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Ganglioside complexes containing GQ1b as targets in Miller Fisher and Guillain-Barre syndromes
  1. Mami Kanzaki (mami.kanzaki{at}otago.ac.nz)
  1. National Defense Medical College, Japan
    1. Ken-ichi Kaida (adiak901{at}ndmc.ac.jp)
    1. National Defense Medical College, Japan
      1. Masami Ueda (sada{at}neuron.med.kindai.ac.jp)
      1. Kinki University School of Medicine, Japan
        1. Daiji Morita (fujiwaratofushop{at}hotmail.com)
        1. Kinki University School of Medicne, Japan
          1. Minako Hirakawa (mina-h{at}ja2.so-net.ne.jp)
          1. Kinki University School of Medicine, Japan
            1. Kazuo Motoyoshi (motoyosi{at}ndmc.ac.jp)
            1. National Defense Medical College, Japan
              1. Keiko Kamakura (keiko-kamakura{at}umin.ac.jp)
              1. National Defense Medical College, Japan
                1. Susumu Kusunoki (kusunoki-tky{at}umin.ac.jp)
                1. Kinki University School of Medicine, Japan

                  Abstract

                  Background: Serum antibodies to GQ1b are associated with Miller Fisher syndrome (MFS) and Guillain-Barre syndrome (GBS) with ophthalmoplegia. Antibodies to ganglioside complexes (GSCs) have not yet been examined in a large population of patients with MFS or GBS. We aimed to determine the clinical significance of antibodies to GSCs in MFS and GBS.

                  Methods: We investigated serum anti-GSC antibodies and the clinical features in 64 MFS patients, 53 GBS patients with ophthalmoplegia (GBS-OP(+)), and 53 GBS without ophthalmoplegia (GBS-OP(-)).

                  Results: Thirty patients with MFS (47%), 25 with GBS-OP(+) (47%), and none with GBS-OP(-) had antibodies to GSCs containing GQ1b or GT1a. Patients with MFS and GBS-OP(+) were subdivided according to the antibody reactivities; patients with antibodies specific to GQ1b and/or GT1a (without anti-GSCs antibodies) were placed in Group 1, those with antibodies against GSCs with a total of two sialic acids in the terminal residues, such as GQ1b/GM1 were placed in Group 2, and those with antibodies against GSCs with a total of three sialic acids in the terminal residue, such as GQ1b/GD1a, were placed in Group 3. In MFS, sensory disturbances were infrequent in Group 2 compared with the other groups (p < 0.0001). Antibodies specific to GQ1b were observed more often in MFS than in GBS-OP(+) (p = 0.0002).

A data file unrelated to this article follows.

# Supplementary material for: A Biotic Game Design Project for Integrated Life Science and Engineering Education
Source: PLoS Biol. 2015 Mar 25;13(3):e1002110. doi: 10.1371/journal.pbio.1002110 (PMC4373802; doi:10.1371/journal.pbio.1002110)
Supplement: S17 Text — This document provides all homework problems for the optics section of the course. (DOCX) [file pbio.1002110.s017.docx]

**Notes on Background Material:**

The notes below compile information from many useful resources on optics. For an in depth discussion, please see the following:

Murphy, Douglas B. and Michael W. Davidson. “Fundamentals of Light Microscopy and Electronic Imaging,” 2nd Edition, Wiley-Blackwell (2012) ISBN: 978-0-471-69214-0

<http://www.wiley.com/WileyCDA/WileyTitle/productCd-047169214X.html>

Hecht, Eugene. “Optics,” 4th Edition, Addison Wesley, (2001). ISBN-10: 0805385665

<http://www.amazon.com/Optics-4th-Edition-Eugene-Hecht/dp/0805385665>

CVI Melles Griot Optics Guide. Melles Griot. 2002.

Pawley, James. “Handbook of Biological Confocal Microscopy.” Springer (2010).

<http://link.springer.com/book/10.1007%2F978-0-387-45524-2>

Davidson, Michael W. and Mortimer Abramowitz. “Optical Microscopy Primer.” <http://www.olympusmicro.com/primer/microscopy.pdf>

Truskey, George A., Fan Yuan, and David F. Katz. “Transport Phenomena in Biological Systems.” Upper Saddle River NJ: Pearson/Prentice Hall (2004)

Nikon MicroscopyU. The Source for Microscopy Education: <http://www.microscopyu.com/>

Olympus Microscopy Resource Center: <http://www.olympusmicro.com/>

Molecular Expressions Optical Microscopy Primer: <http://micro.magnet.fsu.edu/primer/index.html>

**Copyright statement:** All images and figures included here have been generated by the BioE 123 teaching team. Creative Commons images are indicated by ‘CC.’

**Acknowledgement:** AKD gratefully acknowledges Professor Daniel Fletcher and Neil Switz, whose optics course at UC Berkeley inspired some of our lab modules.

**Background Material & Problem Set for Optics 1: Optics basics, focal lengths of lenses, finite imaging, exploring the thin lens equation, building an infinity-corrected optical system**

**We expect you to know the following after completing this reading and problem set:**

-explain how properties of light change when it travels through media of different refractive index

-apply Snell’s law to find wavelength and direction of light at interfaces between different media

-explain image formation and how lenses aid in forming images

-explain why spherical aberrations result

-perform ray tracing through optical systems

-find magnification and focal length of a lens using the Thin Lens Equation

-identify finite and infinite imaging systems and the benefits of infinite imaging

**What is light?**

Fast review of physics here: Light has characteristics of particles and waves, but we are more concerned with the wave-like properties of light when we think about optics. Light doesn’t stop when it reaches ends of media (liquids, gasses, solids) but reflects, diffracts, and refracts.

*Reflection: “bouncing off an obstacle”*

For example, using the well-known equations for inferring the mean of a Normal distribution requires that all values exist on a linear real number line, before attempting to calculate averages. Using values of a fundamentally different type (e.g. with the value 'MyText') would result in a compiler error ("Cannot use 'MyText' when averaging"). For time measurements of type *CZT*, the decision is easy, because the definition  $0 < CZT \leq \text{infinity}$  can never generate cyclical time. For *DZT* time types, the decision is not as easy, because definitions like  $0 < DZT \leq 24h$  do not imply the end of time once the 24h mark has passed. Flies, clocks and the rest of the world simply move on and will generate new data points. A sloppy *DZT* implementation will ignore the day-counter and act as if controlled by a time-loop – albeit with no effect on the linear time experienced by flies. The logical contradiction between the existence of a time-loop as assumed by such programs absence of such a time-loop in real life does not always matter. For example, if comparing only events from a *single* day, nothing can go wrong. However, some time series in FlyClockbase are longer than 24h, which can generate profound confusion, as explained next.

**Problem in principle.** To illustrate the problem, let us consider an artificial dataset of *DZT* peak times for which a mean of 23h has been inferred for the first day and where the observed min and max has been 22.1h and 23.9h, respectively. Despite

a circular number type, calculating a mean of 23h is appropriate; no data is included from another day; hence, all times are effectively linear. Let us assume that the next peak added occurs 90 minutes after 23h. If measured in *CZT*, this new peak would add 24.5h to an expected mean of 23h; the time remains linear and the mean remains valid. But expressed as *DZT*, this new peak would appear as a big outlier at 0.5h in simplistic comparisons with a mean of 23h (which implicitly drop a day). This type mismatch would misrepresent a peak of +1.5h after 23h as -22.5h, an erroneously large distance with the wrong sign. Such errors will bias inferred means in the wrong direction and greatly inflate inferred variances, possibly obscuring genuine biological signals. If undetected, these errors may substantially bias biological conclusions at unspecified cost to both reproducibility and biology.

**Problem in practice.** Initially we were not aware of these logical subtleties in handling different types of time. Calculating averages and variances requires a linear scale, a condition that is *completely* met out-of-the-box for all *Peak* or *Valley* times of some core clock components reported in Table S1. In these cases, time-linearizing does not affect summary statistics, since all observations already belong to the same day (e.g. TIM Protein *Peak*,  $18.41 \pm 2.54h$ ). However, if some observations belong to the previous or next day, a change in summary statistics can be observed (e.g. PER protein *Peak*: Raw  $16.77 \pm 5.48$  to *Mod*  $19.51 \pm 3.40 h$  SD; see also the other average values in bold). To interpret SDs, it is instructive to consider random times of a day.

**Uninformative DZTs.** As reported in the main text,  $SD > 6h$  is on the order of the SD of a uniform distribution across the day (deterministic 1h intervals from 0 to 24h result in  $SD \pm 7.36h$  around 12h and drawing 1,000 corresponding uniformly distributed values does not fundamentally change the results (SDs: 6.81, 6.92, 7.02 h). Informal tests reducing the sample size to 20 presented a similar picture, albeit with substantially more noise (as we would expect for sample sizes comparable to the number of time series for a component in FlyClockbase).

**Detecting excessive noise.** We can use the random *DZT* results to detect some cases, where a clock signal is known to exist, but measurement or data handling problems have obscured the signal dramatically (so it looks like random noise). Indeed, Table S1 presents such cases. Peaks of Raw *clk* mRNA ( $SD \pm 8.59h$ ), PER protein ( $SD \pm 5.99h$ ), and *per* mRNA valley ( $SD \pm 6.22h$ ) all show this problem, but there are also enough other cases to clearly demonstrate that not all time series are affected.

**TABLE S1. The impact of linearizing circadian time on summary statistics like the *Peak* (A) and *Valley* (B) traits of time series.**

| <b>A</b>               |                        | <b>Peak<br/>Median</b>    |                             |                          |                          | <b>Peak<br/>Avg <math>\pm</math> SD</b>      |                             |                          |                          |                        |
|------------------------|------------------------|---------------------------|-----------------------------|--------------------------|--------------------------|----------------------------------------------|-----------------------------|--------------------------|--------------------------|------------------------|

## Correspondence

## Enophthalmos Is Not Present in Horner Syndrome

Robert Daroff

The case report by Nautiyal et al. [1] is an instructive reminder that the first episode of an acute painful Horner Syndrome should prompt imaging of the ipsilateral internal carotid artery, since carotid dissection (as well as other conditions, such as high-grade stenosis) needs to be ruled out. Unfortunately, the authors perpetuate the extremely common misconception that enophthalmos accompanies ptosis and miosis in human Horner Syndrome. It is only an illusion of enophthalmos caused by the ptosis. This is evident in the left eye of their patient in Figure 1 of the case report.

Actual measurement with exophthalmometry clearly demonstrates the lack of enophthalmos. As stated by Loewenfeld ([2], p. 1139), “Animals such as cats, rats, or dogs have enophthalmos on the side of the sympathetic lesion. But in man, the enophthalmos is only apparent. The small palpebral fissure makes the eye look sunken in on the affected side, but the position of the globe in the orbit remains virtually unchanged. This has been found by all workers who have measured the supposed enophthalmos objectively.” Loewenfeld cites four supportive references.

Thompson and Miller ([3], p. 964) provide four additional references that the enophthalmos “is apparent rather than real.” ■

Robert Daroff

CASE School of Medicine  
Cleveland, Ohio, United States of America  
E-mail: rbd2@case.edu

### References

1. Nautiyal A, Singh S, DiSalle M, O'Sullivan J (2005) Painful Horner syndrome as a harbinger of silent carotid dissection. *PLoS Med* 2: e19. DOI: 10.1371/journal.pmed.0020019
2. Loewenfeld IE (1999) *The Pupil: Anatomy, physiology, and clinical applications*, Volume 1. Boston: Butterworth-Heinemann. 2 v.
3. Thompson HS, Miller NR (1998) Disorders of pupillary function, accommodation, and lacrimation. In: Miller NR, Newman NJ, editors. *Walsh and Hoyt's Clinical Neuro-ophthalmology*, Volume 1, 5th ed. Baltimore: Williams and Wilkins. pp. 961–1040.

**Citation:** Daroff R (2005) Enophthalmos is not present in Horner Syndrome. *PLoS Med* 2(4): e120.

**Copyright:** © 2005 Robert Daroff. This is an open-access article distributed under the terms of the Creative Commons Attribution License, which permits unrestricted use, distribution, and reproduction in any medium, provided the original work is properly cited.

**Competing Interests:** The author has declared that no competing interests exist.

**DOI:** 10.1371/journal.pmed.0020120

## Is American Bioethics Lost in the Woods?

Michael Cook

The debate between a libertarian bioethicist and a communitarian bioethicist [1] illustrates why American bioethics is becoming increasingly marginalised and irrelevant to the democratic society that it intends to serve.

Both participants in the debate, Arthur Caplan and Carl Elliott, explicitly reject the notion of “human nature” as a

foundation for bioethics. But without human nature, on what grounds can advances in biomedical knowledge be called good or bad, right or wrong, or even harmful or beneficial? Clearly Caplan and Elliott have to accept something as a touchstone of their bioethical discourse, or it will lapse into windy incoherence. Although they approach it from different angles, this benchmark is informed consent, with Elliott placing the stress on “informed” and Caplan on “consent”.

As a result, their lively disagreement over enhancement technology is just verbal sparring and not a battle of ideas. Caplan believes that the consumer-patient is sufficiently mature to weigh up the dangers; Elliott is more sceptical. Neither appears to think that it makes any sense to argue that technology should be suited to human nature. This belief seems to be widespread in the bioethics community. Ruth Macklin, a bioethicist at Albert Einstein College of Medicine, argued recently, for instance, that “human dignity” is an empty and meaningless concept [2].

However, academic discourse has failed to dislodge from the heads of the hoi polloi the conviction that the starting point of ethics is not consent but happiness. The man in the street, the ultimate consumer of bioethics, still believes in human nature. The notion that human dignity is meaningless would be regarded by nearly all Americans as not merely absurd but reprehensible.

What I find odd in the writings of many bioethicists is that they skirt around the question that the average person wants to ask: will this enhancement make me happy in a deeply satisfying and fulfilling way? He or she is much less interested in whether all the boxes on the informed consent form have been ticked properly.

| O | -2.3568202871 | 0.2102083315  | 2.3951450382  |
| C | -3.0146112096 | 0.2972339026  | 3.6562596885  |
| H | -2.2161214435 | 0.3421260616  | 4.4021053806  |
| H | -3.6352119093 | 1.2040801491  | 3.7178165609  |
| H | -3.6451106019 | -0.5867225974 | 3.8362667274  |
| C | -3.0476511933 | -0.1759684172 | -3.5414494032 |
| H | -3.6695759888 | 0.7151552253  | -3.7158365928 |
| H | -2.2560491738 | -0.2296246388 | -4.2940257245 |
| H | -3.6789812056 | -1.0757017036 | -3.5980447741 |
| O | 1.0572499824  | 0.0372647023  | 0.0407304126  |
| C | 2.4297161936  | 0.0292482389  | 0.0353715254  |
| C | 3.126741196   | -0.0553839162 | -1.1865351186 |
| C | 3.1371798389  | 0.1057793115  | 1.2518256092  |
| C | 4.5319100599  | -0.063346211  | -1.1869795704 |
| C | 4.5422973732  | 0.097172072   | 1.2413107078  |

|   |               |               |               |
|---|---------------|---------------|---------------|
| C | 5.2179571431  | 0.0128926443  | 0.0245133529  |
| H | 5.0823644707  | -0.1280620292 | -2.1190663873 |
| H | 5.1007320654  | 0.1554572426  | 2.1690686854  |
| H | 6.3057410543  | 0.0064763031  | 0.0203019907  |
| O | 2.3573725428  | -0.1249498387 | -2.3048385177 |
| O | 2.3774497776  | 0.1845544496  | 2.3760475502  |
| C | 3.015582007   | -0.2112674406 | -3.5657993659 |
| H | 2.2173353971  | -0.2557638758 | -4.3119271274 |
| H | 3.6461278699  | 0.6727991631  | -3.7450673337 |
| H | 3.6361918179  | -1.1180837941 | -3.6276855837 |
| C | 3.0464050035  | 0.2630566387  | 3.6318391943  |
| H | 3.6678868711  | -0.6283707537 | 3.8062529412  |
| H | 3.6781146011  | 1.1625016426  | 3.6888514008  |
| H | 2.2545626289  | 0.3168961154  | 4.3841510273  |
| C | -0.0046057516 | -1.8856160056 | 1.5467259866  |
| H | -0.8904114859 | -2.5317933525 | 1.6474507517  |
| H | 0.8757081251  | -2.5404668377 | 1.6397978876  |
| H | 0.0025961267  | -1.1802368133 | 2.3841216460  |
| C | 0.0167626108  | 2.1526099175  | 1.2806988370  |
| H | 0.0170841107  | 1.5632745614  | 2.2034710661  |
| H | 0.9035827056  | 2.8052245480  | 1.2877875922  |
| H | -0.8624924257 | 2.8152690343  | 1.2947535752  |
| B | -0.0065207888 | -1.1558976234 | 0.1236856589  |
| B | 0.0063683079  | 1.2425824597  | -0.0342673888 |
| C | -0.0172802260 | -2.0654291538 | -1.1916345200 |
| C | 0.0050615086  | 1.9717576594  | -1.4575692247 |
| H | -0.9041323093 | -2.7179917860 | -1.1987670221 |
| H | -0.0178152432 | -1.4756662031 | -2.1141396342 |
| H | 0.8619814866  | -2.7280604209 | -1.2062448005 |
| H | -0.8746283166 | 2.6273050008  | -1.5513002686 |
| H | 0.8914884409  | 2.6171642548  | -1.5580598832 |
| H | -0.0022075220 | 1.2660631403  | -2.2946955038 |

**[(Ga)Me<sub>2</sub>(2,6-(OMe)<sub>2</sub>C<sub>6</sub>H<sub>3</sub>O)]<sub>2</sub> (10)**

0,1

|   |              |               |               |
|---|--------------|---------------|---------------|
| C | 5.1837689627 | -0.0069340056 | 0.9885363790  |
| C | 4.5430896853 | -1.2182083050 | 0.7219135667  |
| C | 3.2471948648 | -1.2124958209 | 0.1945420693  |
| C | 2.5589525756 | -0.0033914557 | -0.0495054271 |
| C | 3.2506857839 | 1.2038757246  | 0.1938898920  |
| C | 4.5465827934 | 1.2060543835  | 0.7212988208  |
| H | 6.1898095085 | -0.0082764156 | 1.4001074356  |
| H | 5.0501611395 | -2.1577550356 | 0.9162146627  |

Conclusions: IgG antibodies to GSCs containing GQ1b or GT1a were closely associated with the development of ophthalmoplegia in GBS, as well as MFS. Both GQ1b and clustered epitopes of GSCs containing GQ1b or GT1a may be prime target antigens for MFS and GBS-OP(+).

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